Ocean Sunrise, Melb Beach Mar2016

[Sunrise over Melbourne Beach, Florida. March 2016.]

Teaching shorter versions of Baldwin’s & Lethem’s narrative essays.


Gay Talese’s essay in the current New Yorker, “The Voyeur’s Motel,” makes me wish I were still teaching journalism. It’s about a man who bought a motel near Denver in the late 1960s so he could spy on guests, which he did for decades. It’s creepy and horrifying, his behavior and Talese’s tale, but you can’t look away. Or stop thinking about the man and what he saw with his wife, including their aim, sex, but also lots of disquieting behavior, including a murder. Talese’s pleasurable but ethically problematic account is over 30 pages. Yet students would gobble it up like candy.

Reading this page-turner narrative essay coincided with my recent brooding about reading. This involves mine and the reading I assign to students. Most people seem to read largely to seek pleasure. Do we grow by tackling more difficult work? Probably—but so what, for casual readers? For students, must I stick with something that’s genius but to them not very enjoyable? Since I read largely as a writer now, I’ve agreed to the harder path, but most students haven’t.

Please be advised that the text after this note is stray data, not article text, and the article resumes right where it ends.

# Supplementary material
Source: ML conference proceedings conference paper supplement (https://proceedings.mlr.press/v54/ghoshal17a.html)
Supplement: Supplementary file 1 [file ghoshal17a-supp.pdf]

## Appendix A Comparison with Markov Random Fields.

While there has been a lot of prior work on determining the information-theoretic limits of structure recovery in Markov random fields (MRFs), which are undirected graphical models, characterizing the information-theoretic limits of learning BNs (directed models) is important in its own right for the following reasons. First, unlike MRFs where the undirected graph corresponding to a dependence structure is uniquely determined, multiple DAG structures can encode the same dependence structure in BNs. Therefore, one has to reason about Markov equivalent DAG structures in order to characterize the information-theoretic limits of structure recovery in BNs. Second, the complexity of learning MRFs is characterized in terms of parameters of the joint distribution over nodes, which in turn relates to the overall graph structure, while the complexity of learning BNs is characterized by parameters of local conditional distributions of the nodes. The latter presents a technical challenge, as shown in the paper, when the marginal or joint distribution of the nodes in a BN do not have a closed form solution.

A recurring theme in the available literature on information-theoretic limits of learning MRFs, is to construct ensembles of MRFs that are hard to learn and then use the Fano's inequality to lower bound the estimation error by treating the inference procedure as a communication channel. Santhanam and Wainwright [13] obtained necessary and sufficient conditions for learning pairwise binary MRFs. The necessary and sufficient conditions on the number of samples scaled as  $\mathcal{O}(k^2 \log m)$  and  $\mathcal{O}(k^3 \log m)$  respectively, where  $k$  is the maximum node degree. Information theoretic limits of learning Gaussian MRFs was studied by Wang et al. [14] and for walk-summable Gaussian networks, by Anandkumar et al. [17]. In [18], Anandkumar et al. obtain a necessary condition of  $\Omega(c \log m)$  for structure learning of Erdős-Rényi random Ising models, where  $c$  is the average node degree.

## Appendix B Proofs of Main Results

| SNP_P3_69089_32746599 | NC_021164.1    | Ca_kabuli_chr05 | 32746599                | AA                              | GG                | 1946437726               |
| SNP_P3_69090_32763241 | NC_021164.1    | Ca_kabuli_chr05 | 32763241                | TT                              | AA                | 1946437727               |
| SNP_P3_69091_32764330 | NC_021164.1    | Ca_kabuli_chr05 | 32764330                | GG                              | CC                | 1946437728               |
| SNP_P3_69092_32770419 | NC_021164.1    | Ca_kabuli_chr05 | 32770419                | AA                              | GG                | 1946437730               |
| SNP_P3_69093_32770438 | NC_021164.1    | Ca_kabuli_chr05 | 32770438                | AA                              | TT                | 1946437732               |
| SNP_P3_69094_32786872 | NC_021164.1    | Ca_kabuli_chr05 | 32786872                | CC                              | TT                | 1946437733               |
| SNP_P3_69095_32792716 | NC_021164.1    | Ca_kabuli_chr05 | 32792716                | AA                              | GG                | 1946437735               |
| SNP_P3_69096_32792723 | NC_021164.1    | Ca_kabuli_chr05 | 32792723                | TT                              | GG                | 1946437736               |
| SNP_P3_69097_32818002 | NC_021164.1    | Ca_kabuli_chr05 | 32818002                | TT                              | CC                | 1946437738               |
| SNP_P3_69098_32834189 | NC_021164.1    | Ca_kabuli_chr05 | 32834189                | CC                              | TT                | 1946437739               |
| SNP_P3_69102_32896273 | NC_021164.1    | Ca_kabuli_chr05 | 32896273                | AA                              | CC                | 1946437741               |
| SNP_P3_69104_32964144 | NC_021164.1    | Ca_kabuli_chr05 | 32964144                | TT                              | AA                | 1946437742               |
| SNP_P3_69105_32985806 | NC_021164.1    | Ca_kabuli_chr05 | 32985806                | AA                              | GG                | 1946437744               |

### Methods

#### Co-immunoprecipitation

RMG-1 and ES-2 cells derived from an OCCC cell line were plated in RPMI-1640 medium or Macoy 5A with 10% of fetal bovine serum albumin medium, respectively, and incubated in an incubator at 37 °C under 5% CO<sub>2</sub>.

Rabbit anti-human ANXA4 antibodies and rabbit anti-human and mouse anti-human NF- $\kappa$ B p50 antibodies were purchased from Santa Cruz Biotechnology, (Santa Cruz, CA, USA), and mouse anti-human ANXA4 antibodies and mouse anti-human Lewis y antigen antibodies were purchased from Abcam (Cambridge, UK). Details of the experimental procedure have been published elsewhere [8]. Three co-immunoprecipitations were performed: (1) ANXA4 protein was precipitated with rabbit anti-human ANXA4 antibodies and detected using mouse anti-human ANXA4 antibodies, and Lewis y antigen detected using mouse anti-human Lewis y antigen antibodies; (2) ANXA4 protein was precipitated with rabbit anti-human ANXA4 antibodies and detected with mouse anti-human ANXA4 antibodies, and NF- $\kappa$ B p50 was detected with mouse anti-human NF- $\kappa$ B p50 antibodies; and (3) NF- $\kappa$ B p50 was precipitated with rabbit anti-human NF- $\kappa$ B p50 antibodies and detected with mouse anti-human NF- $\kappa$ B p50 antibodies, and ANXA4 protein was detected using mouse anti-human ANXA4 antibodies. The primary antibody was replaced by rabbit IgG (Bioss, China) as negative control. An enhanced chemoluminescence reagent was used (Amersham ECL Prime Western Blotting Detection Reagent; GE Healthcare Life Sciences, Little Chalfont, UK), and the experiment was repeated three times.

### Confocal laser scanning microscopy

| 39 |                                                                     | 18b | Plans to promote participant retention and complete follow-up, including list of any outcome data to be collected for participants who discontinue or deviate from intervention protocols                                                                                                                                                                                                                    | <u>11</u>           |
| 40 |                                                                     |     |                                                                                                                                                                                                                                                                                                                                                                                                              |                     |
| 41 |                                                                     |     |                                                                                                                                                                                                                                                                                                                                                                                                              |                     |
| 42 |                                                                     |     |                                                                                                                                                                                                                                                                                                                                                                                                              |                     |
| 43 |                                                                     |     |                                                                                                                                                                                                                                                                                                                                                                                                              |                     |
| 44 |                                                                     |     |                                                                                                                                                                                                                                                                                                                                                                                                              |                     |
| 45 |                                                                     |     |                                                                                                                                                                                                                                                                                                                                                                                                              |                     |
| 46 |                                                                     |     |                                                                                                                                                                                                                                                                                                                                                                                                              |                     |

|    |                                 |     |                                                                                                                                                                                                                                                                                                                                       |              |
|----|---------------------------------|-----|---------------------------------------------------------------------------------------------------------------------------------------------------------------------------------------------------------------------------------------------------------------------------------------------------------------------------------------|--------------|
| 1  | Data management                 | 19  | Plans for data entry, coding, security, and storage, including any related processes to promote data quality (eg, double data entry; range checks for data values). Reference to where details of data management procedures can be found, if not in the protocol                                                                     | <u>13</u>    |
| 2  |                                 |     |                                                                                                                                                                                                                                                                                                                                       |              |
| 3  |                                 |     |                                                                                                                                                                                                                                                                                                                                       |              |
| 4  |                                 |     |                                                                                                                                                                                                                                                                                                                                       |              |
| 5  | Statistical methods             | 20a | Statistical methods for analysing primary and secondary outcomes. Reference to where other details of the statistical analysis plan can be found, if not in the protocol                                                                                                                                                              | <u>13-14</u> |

After my share of classroom disasters, I’ve learned to meet students where they are. Which partly means assigning books, essays, and stories that they’ll at least tolerate . I also must admire the works, of course. Tobias Wolff’s This Boy’s Life is genius and so is Vladimir Nabokov’s Speak, Memory. Which do you think a class of eighteen year olds would actually read? Most undergraduates, even many writing majors, cannot yet appreciate certain works.

For one thing, they aren’t yet old enough to identify readily with older folks and certain situations. For another, they lack endurance, especially for dense exposition.


Baldwin Notes of Native 2

[Native Son: Baldwin was only 31.]